Your first day on the job can be a stressful experience. Depending on your industry, it takes an average of two to eight months to find a new job. All the curveball questions, LinkedIn advice, emails, and interviews are exhausting.
The last thing you want to do is go through that experience again anytime soon. Still, the work has only just begun! Below we offer these tips to make your first day on the job a pleasant experience.
We start with what happens the night before...
1. Get a good night's sleep
First impressions last forever. The last thing you want to do is start your first day on the job exhausted, cranky and unable to process new information.
Your first day requires an alert brain. You will be absorbing information on what you will be doing and who you are working with. A good night's sleep helps you improve your memory, stay creative, and helps you think on your feet. You need to be sharp on your first day!
If you cannot sleep, avoid taking medication that will leave you drowsy in the morning. Instead, release yourself from the stress of your job search. Remind yourself why you took the job in the first place and why they hired you.
Better yet, spend some time deleting emails from job boards. Turn down interviews, too, because you do not need that right now. Focus on starting your new job tomorrow well-rested!
2. Dress in your favorite work outfit
You want to feel comfortable for your first day on the job and keep yourself smiling as you meet new people. When you are overdressed or wearing clothes that choke you, your new co-workers may sense you are trying too hard. They would rather see you confident, comfortable, and approachable on your first day.
More on what to wear your first day on the job.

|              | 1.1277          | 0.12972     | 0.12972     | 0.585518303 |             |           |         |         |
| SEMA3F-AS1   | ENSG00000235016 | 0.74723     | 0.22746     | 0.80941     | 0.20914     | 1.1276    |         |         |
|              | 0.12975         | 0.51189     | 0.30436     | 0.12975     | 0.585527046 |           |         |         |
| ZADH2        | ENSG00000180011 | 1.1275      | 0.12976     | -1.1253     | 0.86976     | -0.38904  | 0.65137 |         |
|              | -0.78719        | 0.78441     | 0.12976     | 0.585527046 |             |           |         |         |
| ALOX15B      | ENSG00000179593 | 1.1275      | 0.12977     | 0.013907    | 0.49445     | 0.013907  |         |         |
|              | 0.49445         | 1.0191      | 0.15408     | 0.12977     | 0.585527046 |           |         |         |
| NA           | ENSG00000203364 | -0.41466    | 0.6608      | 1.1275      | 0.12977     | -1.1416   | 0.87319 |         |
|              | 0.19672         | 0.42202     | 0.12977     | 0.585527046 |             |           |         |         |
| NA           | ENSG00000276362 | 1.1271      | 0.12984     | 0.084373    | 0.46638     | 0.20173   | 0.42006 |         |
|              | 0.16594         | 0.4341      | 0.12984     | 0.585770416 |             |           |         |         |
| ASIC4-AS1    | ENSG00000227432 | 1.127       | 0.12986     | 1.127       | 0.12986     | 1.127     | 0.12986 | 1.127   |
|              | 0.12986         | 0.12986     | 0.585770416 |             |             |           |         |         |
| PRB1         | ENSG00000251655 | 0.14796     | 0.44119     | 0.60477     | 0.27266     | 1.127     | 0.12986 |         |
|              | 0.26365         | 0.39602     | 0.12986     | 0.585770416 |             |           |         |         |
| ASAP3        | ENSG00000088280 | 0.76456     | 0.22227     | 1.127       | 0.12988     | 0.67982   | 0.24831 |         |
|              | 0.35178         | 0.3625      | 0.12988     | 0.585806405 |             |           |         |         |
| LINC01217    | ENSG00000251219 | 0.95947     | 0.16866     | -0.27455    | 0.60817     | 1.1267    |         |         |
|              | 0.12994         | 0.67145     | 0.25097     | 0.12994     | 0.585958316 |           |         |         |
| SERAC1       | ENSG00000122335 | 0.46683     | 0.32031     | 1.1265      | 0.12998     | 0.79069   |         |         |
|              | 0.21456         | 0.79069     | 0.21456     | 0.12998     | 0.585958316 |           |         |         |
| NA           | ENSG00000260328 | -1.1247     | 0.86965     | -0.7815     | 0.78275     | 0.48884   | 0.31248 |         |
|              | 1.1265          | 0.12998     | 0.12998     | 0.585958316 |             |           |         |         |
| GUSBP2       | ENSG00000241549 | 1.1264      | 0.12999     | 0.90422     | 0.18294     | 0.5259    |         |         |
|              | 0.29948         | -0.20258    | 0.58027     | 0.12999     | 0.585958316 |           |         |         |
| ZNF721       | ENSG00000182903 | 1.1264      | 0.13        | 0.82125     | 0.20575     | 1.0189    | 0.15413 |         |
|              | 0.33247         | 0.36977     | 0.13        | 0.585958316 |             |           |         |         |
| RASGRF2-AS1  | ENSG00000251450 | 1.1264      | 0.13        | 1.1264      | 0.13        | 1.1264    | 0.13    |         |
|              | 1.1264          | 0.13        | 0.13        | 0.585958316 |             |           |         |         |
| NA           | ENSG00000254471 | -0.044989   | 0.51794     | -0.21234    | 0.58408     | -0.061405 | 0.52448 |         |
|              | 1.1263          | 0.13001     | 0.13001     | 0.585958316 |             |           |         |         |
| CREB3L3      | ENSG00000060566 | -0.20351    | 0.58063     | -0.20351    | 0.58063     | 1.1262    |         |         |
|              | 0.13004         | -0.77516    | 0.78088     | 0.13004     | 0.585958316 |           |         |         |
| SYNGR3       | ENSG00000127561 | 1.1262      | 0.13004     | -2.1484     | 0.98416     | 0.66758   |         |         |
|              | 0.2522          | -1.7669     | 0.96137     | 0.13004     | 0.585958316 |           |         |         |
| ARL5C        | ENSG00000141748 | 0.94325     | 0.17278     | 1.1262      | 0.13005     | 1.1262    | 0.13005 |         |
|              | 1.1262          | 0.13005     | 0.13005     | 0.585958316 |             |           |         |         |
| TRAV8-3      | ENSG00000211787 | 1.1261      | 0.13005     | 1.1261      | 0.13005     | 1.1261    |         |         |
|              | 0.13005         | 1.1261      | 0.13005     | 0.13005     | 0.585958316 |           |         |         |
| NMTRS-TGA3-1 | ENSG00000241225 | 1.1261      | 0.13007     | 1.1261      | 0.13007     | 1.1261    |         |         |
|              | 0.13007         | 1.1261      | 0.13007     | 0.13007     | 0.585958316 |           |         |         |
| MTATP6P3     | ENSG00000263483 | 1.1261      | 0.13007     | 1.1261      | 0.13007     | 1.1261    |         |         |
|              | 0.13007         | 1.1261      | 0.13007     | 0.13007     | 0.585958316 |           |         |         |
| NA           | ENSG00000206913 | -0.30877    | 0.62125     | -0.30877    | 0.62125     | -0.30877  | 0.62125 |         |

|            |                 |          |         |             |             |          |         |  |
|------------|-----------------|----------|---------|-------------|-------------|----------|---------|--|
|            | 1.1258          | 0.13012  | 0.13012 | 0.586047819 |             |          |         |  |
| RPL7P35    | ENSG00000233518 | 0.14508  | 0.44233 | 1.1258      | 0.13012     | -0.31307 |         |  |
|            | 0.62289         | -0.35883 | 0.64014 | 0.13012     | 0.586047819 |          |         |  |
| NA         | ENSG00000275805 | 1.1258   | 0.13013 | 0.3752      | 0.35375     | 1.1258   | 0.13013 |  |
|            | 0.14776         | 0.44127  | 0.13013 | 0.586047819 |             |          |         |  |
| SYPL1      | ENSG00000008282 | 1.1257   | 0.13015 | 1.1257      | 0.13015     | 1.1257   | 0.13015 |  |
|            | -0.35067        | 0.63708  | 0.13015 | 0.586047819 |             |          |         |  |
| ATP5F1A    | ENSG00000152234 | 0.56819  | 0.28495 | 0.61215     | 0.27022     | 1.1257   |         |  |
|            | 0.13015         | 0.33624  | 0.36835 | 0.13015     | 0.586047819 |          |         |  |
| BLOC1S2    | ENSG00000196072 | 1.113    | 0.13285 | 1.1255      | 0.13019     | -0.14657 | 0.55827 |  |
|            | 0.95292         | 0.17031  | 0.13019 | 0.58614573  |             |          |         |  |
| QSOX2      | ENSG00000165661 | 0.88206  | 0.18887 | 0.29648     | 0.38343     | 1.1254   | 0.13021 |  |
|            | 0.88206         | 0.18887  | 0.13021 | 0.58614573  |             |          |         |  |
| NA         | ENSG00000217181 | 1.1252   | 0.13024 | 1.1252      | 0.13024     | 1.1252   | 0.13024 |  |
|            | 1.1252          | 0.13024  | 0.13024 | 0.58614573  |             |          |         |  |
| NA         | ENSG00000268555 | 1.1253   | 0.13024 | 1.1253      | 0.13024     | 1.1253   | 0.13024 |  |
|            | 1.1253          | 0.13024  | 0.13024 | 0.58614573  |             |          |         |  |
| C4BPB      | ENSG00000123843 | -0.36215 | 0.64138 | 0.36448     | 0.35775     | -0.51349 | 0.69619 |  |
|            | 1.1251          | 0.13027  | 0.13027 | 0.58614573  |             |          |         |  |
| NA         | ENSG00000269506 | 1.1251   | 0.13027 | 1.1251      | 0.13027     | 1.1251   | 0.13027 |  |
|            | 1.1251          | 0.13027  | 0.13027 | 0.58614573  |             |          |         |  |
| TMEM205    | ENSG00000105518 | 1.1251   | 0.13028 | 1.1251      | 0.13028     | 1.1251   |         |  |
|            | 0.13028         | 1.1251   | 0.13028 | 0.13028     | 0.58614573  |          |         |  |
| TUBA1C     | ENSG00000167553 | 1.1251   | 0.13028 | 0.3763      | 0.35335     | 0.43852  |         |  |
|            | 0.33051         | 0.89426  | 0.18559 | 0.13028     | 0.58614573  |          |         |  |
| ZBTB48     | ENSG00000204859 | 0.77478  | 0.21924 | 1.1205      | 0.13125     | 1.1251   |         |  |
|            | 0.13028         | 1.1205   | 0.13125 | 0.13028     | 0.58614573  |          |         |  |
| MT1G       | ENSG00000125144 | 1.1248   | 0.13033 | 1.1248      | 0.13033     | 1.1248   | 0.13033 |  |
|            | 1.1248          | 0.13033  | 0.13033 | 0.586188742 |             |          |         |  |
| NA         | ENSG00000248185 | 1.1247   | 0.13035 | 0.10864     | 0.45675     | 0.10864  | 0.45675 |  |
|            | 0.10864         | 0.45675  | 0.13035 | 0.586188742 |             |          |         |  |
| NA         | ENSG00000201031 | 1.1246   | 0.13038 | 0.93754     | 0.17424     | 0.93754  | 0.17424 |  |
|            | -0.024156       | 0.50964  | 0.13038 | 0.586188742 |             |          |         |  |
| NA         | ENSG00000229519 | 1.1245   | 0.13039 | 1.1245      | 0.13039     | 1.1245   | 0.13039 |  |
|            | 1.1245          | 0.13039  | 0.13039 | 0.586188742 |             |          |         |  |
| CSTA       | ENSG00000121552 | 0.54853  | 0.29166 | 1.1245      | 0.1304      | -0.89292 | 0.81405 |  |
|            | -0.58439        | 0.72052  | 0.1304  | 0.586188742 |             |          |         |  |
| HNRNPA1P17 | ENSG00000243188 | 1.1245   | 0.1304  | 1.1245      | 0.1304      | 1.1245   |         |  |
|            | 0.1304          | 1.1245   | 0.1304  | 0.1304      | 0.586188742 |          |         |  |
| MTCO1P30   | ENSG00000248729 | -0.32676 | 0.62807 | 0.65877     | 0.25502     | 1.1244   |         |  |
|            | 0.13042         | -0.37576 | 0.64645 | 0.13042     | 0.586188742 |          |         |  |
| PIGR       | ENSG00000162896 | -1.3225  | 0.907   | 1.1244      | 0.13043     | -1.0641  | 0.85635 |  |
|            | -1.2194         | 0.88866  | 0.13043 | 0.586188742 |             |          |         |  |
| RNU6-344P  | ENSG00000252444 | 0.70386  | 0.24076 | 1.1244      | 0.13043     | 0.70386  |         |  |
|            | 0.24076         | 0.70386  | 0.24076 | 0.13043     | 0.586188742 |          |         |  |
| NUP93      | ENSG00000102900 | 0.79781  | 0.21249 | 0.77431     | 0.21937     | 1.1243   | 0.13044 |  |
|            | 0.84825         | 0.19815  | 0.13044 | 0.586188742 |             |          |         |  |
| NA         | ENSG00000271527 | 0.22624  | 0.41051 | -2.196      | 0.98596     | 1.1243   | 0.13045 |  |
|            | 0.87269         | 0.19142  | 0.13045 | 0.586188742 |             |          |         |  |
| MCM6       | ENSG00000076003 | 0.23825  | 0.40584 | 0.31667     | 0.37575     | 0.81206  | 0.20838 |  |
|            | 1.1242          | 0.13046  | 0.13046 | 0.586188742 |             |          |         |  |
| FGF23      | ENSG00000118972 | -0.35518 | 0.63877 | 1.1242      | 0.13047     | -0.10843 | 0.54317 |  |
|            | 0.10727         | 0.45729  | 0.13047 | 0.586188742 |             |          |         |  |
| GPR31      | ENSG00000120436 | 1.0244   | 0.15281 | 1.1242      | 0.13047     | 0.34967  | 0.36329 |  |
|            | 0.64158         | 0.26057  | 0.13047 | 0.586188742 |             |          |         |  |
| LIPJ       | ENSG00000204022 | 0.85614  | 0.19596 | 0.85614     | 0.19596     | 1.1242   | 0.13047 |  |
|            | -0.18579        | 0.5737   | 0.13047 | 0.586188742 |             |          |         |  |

3. Get to your new job early...but not TOO early
There is a saying I was once told at a new job:
- “Early is on time. On time is late. Late is unacceptable. But too early is just plain awkward.”
That was said to me on my first day at a job many years ago. I had shown up to work an hour early to fill out paperwork. No one was there except for the people from maintenance and the mailroom. No one knew me, but I was wandering around the office looking for the person who hired me.
My new boss told me he appreciated the effort. But he also felt like I had rushed him because I was standing there waiting before he even put down his coat...on a Monday morning! Having a great work ethic and being punctual is important, but so is the ability to show balance. Extreme behavior or social awkwardness can make colleagues uncomfortable.
4. Go to lunch with staff
Your co-workers want to get to know you better. If you get invited to lunch your first day on the job, accept the invite.
You are learning more about your colleagues and you are showing yourself to be part of the team.
At the same time, you are beginning to learn what your work regimen will entail. More than anything, you are being polite and courteous. It is also a good idea to prepare some things to talk about with others.
5. Make the first day all about listening and absorbing
It is your first day, new job and you want to impress people. You want to show them you can contribute at the new job.
Yet, the worst thing you can do is start talking over others, correcting them, or coming off as a know-it-all. You may know “what to contribute”, but not “how to contribute it”. You do not know their work environment. Talking over people and correcting them leaves others concerned you will be argumentative.
Even if you are the smartest man or woman, you do not know the people talking to you. Make your first day at a new job all about listening and absorbing what is happening. Before talking, wait for them to ask you a question.
You are showing your colleagues you respect them. After all, they have the knowledge about your new company. It is only your first day!